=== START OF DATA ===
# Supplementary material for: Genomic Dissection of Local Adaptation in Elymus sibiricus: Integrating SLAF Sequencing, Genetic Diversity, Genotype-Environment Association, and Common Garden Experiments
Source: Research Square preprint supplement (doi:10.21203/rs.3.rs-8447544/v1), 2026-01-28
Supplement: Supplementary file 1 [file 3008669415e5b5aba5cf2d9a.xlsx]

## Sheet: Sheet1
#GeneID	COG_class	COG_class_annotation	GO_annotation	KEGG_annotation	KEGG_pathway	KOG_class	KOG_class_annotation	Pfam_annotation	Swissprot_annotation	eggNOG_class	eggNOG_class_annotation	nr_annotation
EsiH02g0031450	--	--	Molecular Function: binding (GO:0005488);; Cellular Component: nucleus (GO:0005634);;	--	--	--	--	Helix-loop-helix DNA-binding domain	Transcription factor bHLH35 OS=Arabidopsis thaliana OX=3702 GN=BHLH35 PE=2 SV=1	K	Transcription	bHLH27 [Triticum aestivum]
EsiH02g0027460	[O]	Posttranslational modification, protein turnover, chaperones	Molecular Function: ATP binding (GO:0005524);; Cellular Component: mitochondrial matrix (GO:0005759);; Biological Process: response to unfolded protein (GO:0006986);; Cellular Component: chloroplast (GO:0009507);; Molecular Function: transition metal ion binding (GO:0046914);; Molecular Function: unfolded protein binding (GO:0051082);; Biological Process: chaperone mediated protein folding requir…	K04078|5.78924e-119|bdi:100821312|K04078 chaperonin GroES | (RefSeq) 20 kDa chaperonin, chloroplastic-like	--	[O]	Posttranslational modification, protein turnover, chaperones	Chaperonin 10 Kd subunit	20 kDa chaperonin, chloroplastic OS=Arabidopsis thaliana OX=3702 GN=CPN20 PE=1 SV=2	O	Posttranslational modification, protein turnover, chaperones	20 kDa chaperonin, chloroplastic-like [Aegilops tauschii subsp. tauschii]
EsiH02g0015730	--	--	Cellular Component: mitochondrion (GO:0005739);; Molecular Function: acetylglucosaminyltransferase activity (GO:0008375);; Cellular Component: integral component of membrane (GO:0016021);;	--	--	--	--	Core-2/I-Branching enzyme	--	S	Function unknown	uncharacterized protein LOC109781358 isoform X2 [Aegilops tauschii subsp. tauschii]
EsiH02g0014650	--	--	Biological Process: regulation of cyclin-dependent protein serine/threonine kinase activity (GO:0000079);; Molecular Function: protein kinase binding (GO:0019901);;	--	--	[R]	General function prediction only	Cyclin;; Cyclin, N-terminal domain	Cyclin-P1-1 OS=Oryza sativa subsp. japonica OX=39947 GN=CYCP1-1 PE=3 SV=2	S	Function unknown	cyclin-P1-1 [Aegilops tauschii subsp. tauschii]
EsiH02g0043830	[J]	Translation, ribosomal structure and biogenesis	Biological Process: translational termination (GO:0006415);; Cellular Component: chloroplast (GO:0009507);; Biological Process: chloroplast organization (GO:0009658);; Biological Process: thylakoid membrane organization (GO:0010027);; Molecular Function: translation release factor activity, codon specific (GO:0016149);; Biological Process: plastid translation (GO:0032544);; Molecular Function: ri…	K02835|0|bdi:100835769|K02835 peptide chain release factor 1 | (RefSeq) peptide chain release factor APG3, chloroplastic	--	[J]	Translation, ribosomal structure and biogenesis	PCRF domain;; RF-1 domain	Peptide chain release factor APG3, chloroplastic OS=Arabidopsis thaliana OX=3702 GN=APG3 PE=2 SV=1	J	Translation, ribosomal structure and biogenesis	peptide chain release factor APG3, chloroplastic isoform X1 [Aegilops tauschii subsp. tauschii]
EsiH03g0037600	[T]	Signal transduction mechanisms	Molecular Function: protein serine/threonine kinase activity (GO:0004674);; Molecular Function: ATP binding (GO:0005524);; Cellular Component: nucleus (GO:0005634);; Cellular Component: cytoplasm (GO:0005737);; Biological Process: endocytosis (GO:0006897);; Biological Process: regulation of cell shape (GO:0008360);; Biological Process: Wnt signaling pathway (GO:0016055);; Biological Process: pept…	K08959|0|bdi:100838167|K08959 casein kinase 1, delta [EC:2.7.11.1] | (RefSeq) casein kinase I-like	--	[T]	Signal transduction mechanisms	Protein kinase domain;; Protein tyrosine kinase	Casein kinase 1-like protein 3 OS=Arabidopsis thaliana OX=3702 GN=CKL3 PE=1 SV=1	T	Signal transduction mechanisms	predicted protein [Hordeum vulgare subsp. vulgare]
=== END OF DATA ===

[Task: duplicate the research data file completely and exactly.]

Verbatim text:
# Supplementary material for: Genomic Dissection of Local Adaptation in Elymus sibiricus: Integrating SLAF Sequencing, Genetic Diversity, Genotype-Environment Association, and Common Garden Experiments
Source: Research Square preprint supplement (doi:10.21203/rs.3.rs-8447544/v1), 2026-01-28
Supplement: Supplementary file 1 [file 3008669415e5b5aba5cf2d9a.xlsx]

## Sheet: Sheet1
#GeneID	COG_class	COG_class_annotation	GO_annotation	KEGG_annotation	KEGG_pathway	KOG_class	KOG_class_annotation	Pfam_annotation	Swissprot_annotation	eggNOG_class	eggNOG_class_annotation	nr_annotation
EsiH02g0031450	--	--	Molecular Function: binding (GO:0005488);; Cellular Component: nucleus (GO:0005634);;	--	--	--	--	Helix-loop-helix DNA-binding domain	Transcription factor bHLH35 OS=Arabidopsis thaliana OX=3702 GN=BHLH35 PE=2 SV=1	K	Transcription	bHLH27 [Triticum aestivum]
EsiH02g0027460	[O]	Posttranslational modification, protein turnover, chaperones	Molecular Function: ATP binding (GO:0005524);; Cellular Component: mitochondrial matrix (GO:0005759);; Biological Process: response to unfolded protein (GO:0006986);; Cellular Component: chloroplast (GO:0009507);; Molecular Function: transition metal ion binding (GO:0046914);; Molecular Function: unfolded protein binding (GO:0051082);; Biological Process: chaperone mediated protein folding requir…	K04078|5.78924e-119|bdi:100821312|K04078 chaperonin GroES | (RefSeq) 20 kDa chaperonin, chloroplastic-like	--	[O]	Posttranslational modification, protein turnover, chaperones	Chaperonin 10 Kd subunit	20 kDa chaperonin, chloroplastic OS=Arabidopsis thaliana OX=3702 GN=CPN20 PE=1 SV=2	O	Posttranslational modification, protein turnover, chaperones	20 kDa chaperonin, chloroplastic-like [Aegilops tauschii subsp. tauschii]
EsiH02g0015730	--	--	Cellular Component: mitochondrion (GO:0005739);; Molecular Function: acetylglucosaminyltransferase activity (GO:0008375);; Cellular Component: integral component of membrane (GO:0016021);;	--	--	--	--	Core-2/I-Branching enzyme	--	S	Function unknown	uncharacterized protein LOC109781358 isoform X2 [Aegilops tauschii subsp. tauschii]
EsiH02g0014650	--	--	Biological Process: regulation of cyclin-dependent protein serine/threonine kinase activity (GO:0000079);; Molecular Function: protein kinase binding (GO:0019901);;	--	--	[R]	General function prediction only	Cyclin;; Cyclin, N-terminal domain	Cyclin-P1-1 OS=Oryza sativa subsp. japonica OX=39947 GN=CYCP1-1 PE=3 SV=2	S	Function unknown	cyclin-P1-1 [Aegilops tauschii subsp. tauschii]
EsiH02g0043830	[J]	Translation, ribosomal structure and biogenesis	Biological Process: translational termination (GO:0006415);; Cellular Component: chloroplast (GO:0009507);; Biological Process: chloroplast organization (GO:0009658);; Biological Process: thylakoid membrane organization (GO:0010027);; Molecular Function: translation release factor activity, codon specific (GO:0016149);; Biological Process: plastid translation (GO:0032544);; Molecular Function: ri…	K02835|0|bdi:100835769|K02835 peptide chain release factor 1 | (RefSeq) peptide chain release factor APG3, chloroplastic	--	[J]	Translation, ribosomal structure and biogenesis	PCRF domain;; RF-1 domain	Peptide chain release factor APG3, chloroplastic OS=Arabidopsis thaliana OX=3702 GN=APG3 PE=2 SV=1	J	Translation, ribosomal structure and biogenesis	peptide chain release factor APG3, chloroplastic isoform X1 [Aegilops tauschii subsp. tauschii]
EsiH03g0037600	[T]	Signal transduction mechanisms	Molecular Function: protein serine/threonine kinase activity (GO:0004674);; Molecular Function: ATP binding (GO:0005524);; Cellular Component: nucleus (GO:0005634);; Cellular Component: cytoplasm (GO:0005737);; Biological Process: endocytosis (GO:0006897);; Biological Process: regulation of cell shape (GO:0008360);; Biological Process: Wnt signaling pathway (GO:0016055);; Biological Process: pept…	K08959|0|bdi:100838167|K08959 casein kinase 1, delta [EC:2.7.11.1] | (RefSeq) casein kinase I-like	--	[T]	Signal transduction mechanisms	Protein kinase domain;; Protein tyrosine kinase	Casein kinase 1-like protein 3 OS=Arabidopsis thaliana OX=3702 GN=CKL3 PE=1 SV=1	T	Signal transduction mechanisms	predicted protein [Hordeum vulgare subsp. vulgare]